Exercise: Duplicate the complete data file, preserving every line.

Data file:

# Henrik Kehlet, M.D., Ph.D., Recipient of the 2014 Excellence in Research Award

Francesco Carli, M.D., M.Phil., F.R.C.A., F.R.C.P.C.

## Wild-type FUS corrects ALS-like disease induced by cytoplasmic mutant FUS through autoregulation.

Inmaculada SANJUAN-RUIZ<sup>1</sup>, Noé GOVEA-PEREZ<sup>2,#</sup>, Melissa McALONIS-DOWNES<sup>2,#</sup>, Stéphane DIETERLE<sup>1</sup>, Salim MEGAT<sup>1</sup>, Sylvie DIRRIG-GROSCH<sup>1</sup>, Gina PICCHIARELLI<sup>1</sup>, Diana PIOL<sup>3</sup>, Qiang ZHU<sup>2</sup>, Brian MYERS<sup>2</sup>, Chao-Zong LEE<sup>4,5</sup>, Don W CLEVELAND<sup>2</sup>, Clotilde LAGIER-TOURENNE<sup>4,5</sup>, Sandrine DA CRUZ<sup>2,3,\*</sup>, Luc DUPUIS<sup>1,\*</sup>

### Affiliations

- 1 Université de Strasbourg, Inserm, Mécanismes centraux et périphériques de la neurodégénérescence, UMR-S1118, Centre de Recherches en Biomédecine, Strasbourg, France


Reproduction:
# Henrik Kehlet, M.D., Ph.D., Recipient of the 2014 Excellence in Research Award

Francesco Carli, M.D., M.Phil., F.R.C.A., F.R.C.P.C.

## Wild-type FUS corrects ALS-like disease induced by cytoplasmic mutant FUS through autoregulation.

Inmaculada SANJUAN-RUIZ<sup>1</sup>, Noé GOVEA-PEREZ<sup>2,#</sup>, Melissa McALONIS-DOWNES<sup>2,#</sup>, Stéphane DIETERLE<sup>1</sup>, Salim MEGAT<sup>1</sup>, Sylvie DIRRIG-GROSCH<sup>1</sup>, Gina PICCHIARELLI<sup>1</sup>, Diana PIOL<sup>3</sup>, Qiang ZHU<sup>2</sup>, Brian MYERS<sup>2</sup>, Chao-Zong LEE<sup>4,5</sup>, Don W CLEVELAND<sup>2</sup>, Clotilde LAGIER-TOURENNE<sup>4,5</sup>, Sandrine DA CRUZ<sup>2,3,\*</sup>, Luc DUPUIS<sup>1,\*</sup>

### Affiliations

- 1 Université de Strasbourg, Inserm, Mécanismes centraux et périphériques de la neurodégénérescence, UMR-S1118, Centre de Recherches en Biomédecine, Strasbourg, France